Meet Tanya, an SLE Development Associate.
For the last few years, I’ve flown to India almost every summer and winter break to spend time with relatives and family friends. Every time I visit, I am amazed by the number of languages that my family members speak and the ease with which they are able to transition best-cialis-online-pharmacy – this site from one language to another. My aunt, for example, speaks Telugu with my grandparents, English with her friends, and Tamil with her neighbors. When she’s working or out running errands, she switches between English, Hindi, and Kannada, depending on whom she is speaking to. Although most of these languages are in the top twenty most widely spoken languages in the world, many people have never heard of Telugu, Tamil, or Kannada.
When I spoke to Amelia, the executive director of SLE, a few months ago about the Student Language Exchange, she mentioned that both Telugu and Kannada were languages that she wished to include in the SLE curriculum. I was thrilled to hear about the possibility of bringing these languages to university campuses, and I wished that I’d been able to study them while at Brown. I think SLE is an incredible opportunity for students who want to learn the languages their parents grew up speaking, for people who want a beginner course in the language of whatever country they may end up working or living in, and for those who simply enjoy learning about new languages and cultures. In my case, an SLE class would have been the perfect opportunity for all three.
Two years ago, I spent my summer interning for an NGO based in Bangalore. Part of my job involved teaching English and basic computer skills to women in small villages outside the city. In one of the villages I worked in, Kodagahalli, none of the women I worked with, and very few of the other villagers, spoke any English. Most of them spoke only Kannada, which meant that even my feeble attempts to speak Hindi (which had worked in some of the other villages) were useless. During my time there, I learned a few basic words and sentences in Kannada (the most important ones being: “What have you eaten today?” and “Please come to my house for tea,” both of which I was asked on multiple occasions every morning) and was able to get by with hand motions, smiles, and the help of the one or two people I met who spoke both English and Kannada.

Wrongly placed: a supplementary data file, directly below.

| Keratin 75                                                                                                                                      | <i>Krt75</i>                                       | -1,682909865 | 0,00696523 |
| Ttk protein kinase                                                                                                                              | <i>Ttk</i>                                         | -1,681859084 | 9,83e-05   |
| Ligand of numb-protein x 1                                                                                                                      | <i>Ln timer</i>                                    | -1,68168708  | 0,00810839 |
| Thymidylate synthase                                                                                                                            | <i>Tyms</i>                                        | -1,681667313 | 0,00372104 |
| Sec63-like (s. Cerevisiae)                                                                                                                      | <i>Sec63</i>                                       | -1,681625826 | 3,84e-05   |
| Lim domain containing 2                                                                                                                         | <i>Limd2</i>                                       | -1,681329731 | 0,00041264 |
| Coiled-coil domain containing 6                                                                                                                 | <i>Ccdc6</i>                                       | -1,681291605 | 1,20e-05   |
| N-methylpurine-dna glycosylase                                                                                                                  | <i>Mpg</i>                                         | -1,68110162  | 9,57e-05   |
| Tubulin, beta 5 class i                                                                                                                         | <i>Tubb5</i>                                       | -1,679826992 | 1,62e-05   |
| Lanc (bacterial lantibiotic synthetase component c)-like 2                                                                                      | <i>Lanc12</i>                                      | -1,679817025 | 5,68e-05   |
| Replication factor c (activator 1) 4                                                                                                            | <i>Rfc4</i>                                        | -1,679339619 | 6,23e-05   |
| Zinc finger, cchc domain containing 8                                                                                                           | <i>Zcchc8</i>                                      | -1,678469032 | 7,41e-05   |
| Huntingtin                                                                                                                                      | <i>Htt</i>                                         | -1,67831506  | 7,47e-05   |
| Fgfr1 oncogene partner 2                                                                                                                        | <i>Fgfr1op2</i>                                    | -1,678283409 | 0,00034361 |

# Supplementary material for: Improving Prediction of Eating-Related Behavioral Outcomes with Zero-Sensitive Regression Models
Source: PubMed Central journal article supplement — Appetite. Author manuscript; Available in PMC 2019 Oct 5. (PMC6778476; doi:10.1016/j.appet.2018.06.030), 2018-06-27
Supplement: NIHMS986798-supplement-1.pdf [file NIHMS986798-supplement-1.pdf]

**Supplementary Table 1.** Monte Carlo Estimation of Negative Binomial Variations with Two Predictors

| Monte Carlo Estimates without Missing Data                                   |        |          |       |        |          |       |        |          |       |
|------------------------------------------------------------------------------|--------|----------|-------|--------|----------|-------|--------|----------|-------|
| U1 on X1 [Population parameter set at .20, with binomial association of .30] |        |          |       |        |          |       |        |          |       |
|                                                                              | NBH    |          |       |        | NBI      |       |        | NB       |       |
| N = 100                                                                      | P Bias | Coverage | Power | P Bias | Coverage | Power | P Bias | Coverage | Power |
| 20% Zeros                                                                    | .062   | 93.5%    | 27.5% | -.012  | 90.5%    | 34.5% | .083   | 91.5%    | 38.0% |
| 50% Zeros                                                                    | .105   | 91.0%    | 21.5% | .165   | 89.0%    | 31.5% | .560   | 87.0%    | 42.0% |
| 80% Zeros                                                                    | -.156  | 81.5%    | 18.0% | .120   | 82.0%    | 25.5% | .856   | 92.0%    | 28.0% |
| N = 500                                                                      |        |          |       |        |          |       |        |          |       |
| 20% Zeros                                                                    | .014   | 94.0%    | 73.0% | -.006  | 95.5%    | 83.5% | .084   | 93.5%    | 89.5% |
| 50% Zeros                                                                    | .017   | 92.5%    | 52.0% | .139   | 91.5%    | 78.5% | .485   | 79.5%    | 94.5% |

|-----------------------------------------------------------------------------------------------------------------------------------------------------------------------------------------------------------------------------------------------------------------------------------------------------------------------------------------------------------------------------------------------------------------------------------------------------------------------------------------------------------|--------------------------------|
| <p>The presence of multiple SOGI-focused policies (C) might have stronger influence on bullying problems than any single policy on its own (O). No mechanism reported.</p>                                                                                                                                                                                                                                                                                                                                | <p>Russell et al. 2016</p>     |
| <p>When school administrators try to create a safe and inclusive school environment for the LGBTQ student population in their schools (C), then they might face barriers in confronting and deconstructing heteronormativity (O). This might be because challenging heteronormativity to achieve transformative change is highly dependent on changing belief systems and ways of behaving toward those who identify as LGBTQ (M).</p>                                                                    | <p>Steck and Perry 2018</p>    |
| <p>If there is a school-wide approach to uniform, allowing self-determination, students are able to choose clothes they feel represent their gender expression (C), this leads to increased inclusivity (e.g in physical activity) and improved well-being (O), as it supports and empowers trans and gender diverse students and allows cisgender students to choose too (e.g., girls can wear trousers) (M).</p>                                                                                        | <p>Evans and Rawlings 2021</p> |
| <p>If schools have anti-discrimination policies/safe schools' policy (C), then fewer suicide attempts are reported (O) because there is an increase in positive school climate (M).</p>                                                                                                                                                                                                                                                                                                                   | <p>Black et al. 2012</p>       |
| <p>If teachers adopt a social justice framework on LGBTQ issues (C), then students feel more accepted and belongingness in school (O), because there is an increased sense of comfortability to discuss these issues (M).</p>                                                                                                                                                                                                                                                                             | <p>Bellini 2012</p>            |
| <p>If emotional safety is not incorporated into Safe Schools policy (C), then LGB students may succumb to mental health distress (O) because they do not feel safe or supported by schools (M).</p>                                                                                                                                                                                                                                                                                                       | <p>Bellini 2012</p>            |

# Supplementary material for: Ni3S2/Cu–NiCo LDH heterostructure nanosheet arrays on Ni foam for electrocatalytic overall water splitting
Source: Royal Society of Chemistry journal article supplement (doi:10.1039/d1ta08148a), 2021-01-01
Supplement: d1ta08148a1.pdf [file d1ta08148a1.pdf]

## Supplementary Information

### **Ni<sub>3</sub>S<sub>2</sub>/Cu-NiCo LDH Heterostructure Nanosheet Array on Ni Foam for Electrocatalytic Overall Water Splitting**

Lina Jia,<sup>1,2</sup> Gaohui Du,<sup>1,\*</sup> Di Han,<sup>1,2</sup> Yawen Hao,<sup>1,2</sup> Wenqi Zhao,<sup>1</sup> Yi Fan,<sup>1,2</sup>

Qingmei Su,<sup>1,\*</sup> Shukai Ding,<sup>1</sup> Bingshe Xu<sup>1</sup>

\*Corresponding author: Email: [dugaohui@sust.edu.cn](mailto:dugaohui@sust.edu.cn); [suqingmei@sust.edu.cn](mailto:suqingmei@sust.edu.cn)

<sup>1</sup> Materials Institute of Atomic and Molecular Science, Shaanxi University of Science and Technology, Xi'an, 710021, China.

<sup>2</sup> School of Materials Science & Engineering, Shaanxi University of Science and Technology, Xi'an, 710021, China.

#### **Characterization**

Although I had an incredible time in Kodagahalli, and I did manage to learn a bit of the language by living and working there, a program like SLE would have been a great way to learn the basics of Kannada before I headed off to the village. My time there was still valuable, and I found that the women enjoyed teaching me the basics of Kannada just as much as they enjoyed learning English, but it would have been much easier to work with the women if I had some prior knowledge of the local language instead of having to rely on the help of the one or two people who spoke English. My experience in Kodagahalli reminded me how important it is to be able to have a direct conversation with someone in their own language, and that it is so much easier to make a difference if we take that extra step.
SLE is a great way for us to learn more about the languages and cultures that matter to us, and a pretty awesome way to promote change. Although I’ve only been involved with SLE for a couple of months, I can’t wait to see how the program will grow and the ways in which SLE participants will use their knowledge to make a difference, no matter where they end up.
Tanya graduated from Brown in May 2013 with a degree in International Relations. She is now living and working in New York, and spends her free time pursuing her love of languages and working with SLE’s development team.